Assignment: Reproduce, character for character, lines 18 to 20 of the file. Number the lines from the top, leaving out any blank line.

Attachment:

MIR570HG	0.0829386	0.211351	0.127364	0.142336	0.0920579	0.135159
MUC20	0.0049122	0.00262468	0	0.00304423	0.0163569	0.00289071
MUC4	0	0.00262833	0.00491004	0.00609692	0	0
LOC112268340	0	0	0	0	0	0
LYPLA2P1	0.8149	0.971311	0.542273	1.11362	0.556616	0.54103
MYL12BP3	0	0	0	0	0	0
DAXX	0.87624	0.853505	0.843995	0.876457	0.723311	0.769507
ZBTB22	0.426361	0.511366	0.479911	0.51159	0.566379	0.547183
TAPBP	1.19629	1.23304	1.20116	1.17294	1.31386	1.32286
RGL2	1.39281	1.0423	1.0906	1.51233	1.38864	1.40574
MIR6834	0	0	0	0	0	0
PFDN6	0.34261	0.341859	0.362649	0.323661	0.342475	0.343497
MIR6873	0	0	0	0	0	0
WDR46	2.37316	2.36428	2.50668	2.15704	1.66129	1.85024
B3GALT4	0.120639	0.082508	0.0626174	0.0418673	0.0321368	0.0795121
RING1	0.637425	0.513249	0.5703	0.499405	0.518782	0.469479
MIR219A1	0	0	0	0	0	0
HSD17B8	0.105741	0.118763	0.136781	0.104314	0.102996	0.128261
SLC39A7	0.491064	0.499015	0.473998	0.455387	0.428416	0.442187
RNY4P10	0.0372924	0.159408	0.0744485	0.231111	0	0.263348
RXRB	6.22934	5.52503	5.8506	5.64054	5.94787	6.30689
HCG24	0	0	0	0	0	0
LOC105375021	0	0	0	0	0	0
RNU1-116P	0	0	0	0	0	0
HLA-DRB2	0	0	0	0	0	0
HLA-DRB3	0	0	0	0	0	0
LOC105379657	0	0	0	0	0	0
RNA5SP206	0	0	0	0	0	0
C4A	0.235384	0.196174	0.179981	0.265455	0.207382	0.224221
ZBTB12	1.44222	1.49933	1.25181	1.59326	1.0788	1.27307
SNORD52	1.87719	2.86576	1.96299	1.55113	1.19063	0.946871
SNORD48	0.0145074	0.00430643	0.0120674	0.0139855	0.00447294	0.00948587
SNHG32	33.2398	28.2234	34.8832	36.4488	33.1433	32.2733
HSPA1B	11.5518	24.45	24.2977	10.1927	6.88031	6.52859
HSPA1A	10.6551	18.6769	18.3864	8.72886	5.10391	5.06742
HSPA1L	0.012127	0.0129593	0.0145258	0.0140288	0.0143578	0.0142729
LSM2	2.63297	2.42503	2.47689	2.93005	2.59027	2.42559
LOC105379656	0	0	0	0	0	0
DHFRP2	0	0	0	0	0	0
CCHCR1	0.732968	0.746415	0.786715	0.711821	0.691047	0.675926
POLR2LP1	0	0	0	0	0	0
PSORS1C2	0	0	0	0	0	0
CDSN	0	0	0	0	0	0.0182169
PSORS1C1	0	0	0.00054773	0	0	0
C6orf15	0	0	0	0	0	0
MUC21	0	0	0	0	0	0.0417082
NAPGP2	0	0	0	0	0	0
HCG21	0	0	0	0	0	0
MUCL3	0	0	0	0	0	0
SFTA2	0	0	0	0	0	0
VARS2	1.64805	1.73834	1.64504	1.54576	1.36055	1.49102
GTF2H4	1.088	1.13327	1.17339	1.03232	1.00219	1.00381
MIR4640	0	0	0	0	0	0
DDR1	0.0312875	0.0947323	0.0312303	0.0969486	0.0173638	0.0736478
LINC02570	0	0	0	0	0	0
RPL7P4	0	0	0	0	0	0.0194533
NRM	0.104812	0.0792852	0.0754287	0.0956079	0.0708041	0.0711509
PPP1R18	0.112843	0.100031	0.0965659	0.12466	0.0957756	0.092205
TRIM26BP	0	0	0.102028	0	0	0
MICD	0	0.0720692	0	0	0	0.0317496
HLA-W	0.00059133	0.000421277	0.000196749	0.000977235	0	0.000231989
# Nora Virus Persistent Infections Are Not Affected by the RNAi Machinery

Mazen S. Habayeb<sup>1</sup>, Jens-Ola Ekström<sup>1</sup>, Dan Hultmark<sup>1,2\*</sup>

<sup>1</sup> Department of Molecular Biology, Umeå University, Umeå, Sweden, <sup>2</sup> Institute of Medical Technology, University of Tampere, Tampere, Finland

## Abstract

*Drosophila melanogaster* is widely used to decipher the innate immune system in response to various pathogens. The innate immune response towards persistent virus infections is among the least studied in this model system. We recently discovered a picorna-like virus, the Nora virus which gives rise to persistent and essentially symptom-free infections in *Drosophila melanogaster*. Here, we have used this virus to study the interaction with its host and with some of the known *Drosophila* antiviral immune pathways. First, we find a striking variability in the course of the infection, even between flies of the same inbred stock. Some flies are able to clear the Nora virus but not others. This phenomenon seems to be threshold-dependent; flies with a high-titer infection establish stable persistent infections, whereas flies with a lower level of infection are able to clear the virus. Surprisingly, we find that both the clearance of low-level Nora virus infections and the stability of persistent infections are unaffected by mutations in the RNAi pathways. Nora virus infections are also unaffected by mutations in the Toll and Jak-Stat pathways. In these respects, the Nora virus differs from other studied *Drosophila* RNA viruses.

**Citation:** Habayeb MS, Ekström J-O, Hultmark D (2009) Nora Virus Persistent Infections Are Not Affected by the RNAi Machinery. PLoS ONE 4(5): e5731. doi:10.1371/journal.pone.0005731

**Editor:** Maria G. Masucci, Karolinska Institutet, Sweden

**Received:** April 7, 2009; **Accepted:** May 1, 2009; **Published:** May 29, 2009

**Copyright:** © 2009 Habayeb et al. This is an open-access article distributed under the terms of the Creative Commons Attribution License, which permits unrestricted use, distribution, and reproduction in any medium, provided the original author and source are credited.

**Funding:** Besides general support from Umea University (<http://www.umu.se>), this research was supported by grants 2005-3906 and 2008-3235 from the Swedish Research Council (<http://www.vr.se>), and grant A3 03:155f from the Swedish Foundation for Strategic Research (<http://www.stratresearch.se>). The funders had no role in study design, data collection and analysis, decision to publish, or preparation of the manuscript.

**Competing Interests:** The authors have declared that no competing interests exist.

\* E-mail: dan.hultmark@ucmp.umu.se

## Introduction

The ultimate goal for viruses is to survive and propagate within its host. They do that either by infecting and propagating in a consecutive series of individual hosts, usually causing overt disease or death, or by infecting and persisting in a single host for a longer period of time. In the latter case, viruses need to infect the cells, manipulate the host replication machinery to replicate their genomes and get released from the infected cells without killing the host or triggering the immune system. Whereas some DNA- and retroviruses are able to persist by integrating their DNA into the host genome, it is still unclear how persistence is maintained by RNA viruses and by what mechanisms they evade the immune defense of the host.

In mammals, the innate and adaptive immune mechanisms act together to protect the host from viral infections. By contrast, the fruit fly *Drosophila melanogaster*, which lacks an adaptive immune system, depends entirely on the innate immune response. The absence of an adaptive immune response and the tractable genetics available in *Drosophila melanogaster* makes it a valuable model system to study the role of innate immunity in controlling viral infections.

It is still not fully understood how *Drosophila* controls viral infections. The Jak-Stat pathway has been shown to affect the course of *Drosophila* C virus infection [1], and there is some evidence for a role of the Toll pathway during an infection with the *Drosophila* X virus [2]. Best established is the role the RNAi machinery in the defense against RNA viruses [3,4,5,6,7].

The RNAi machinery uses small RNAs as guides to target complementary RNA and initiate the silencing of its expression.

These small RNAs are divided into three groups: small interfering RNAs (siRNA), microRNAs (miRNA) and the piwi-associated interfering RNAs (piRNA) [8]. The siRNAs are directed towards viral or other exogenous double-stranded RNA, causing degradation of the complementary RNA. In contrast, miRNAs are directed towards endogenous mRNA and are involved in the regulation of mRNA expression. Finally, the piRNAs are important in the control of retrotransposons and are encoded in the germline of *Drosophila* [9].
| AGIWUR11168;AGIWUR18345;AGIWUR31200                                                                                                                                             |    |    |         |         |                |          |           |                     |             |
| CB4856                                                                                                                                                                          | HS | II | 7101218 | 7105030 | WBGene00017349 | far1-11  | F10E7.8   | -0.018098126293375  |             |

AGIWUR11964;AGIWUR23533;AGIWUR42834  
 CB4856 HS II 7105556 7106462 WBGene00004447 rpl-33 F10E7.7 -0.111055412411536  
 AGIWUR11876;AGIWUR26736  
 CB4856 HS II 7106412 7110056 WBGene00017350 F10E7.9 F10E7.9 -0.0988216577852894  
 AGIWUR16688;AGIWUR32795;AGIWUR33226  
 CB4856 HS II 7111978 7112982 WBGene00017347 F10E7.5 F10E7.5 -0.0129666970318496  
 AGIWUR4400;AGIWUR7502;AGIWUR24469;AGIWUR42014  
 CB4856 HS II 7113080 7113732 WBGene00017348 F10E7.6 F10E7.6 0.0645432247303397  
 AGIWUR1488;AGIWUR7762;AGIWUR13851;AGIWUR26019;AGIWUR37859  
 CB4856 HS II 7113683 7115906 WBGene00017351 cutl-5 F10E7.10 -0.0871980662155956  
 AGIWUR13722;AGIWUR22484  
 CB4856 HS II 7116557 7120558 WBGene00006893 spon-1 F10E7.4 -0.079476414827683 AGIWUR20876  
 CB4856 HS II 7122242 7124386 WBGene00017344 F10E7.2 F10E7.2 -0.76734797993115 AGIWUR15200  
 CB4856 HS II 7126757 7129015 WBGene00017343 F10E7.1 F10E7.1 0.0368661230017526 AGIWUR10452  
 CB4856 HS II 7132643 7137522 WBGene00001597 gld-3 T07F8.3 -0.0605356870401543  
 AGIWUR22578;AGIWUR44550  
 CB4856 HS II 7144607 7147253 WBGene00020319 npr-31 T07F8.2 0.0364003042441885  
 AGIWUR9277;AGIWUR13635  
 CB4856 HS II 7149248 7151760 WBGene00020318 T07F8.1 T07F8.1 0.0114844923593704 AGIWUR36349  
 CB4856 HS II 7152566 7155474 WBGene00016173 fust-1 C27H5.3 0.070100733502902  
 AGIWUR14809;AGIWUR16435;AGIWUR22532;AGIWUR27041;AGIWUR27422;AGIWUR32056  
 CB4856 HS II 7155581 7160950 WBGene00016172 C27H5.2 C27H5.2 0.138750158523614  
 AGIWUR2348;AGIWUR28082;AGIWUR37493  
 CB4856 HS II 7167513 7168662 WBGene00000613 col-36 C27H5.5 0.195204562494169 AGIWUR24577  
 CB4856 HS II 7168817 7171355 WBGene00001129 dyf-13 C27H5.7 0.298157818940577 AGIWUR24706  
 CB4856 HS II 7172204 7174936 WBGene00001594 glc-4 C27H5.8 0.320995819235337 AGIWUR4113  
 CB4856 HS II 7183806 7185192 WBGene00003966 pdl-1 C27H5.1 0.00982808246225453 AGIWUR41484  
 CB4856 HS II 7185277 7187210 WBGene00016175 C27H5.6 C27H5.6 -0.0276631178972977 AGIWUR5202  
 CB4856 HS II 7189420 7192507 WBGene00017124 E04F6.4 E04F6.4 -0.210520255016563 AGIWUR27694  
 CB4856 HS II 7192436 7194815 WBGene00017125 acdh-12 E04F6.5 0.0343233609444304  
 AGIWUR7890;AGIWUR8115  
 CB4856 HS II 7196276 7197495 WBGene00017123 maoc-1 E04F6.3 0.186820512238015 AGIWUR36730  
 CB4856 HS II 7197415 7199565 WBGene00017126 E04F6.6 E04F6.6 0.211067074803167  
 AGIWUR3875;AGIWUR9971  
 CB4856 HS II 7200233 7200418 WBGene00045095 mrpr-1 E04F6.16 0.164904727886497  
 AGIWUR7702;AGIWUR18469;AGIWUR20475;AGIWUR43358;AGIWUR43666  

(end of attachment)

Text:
HSD17B8	0.105741	0.118763	0.136781	0.104314	0.102996	0.128261
SLC39A7	0.491064	0.499015	0.473998	0.455387	0.428416	0.442187
RNY4P10	0.0372924	0.159408	0.0744485	0.231111	0	0.263348